WASHINGTON — As Navy and Army leaders jostle for a bigger piece of the Defense Department budget, the Air Force’s top general doesn’t want to get sucked in the drama.

The Defense Department is weeks before the unveiling of its fiscal year 2021 budget, tentatively set for Feb. 10. But while other military officials are making the case for increased spending on their service, Air Force Chief of Staff Gen. Dave Goldfein seemed resigned to the fact that the Air Force will have to make sacrifices in order to have the money for investments the service sees as critical for maintaining its technological edge against China and Russia.

“Budget paranoia is a service core competency,” joked Air Force Gen. Dave Goldfein during a Center for a New American Security event.

“Do we need more resources than we have? Absolutely yes. Would I be offering the legacy capabilities to buy the future if I didn’t have to [in order] to balance the books? No. I wouldn’t be asking combatant commanders to take a real-time, near-term risk if we had the resources to do it.”

Goldfein’s comments follow statements by Chief of Naval Operations Adm. Michael Gilday and Army Secretary Ryan McCarthy, who argued earlier this month that the Navy and Army needed to have larger percentages of the Defense Department’s budget to meet the demands set forth by the Trump administration.

The two-year budget deal from last summer called for $740 billion in defense spending for FY21, but the Defense Department has not disclosed whether it will mold its budget to that topline.

Gilday said that while the Pentagon usually divides its funding roughly equally among the departments of the Army, Navy and Air Force, the Navy needs a greater share to meet its obligations.

“Here’s the deal: We need more money,” Gilday said Jan. 14 at the Surface Navy Association’s annual conference. “If you believe that we require overmatch in the maritime domain, if you believe that in order to execute distributed maritime operations and to operate forward in numbers now that we need more iron, then, yes, we need more top line.”

A day later, McCarthy shot back, saying that the Army actually gets a smaller portion of the budget than the other services despite handling 60 percent of combatant commanders’ requirements.

“The actual math is the Army gets 24 percent [of the budget], and we [actually] have less than 24 percent — it’s really 22 percent because 2 percent of our margin is [spent] to finance operations in the Middle East," McCarthy said at a Jan. 15 Defense Writers Group breakfast, according to Military.com.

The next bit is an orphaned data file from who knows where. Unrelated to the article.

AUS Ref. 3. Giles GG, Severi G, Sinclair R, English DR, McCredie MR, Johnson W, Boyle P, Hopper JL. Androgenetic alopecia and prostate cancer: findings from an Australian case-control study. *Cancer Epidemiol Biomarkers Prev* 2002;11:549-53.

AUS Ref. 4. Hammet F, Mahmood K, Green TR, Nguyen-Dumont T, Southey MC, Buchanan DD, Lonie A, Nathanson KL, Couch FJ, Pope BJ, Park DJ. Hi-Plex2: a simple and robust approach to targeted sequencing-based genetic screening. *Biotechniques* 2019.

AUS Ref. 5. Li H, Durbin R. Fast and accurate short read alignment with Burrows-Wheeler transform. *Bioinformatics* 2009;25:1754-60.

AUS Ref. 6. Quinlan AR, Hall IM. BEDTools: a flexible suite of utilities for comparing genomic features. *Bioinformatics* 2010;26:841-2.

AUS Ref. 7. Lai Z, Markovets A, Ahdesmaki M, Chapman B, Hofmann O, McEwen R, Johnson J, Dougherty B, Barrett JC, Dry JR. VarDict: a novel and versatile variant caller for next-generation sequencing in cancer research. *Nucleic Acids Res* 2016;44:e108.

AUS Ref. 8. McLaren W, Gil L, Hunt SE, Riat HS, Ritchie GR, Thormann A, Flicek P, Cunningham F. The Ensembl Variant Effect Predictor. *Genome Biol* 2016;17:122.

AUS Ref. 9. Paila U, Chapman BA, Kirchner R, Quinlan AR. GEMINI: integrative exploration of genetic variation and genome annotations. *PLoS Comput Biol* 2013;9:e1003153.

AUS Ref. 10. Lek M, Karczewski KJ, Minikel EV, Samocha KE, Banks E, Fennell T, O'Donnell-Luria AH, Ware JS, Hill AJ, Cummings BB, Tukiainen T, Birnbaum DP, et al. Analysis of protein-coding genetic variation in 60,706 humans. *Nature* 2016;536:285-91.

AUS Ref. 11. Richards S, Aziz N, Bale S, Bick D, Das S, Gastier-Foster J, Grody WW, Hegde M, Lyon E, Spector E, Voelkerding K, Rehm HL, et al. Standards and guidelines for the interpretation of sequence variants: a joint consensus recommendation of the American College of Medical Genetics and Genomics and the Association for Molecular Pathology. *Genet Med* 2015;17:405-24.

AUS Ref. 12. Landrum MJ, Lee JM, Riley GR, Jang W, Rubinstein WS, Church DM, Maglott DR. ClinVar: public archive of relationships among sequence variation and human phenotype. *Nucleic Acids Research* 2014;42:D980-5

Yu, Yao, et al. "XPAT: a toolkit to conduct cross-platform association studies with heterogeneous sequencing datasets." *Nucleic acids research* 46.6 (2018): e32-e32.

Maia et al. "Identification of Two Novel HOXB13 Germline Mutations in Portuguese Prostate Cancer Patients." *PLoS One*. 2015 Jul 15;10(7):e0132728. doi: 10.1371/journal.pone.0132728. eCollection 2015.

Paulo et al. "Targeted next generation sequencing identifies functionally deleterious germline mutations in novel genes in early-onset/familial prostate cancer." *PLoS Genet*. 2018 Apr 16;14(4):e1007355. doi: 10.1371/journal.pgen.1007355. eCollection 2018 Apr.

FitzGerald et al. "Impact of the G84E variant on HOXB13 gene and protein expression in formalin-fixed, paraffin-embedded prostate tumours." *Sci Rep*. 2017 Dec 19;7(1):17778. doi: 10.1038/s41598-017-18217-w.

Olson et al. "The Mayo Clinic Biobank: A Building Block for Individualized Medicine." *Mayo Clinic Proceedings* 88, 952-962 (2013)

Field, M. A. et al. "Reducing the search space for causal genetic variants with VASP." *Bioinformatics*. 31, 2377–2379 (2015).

But asked why the Air Force needed a bigger share, Goldfein said he preferred not to jump into the debate.

“I’ve been in the business too long to see that when you start going after each other, it rarely produces much value,” he said.

Goldfein acknowledged that there was a “tension” to budget negotiations as the Air Force finalizes its proposal. Service leaders have been clear that the Air Force is prepared to divest legacy aircraft to make investments in key priorities like joint all domain command and control (JADC2), even though such changes could raise the ire of members of Congress.

While officials have stressed that the beloved A-10 Warthog would stay in service until at least 2030, other legacy platforms such as the KC-10 and B-1 are potentially on the chopping block. In November, Foreign Policy reported that the Air Force was specifically considering the retirement of its fleet of RQ-4 Global Hawk high-altitude surveillance drones.

“What we put on the table has near-term risk — that’s real risk, near-term,” Goldfein said. “The easy decisions are long gone. Now what’s left on the table is near-term risk versus the future capability kind of fight that the national defense strategy tells us we have to prepare for.”

Combatant commanders, who oversee ongoing operations across the globe, at times raised objections to the cuts put forth by the Air Force, saying that they couldn’t accept the risk. Goldfein said he personally worked with those individuals, trying to explain to them why Air Force leaders believed the service needed to make reductions in order to keep its future priorities on track.

“We didn’t get everything we put on the table. Some was walked back,” he said. “But we got a lot of what we put on the table.”

Valerie Insinna is Defense News' air warfare reporter. She previously worked the Navy/congressional beats for Defense Daily, which followed almost three years as a staff writer for National Defense Magazine. Prior to that, she worked as an editorial assistant for the Tokyo Shimbun’s Washington bureau.

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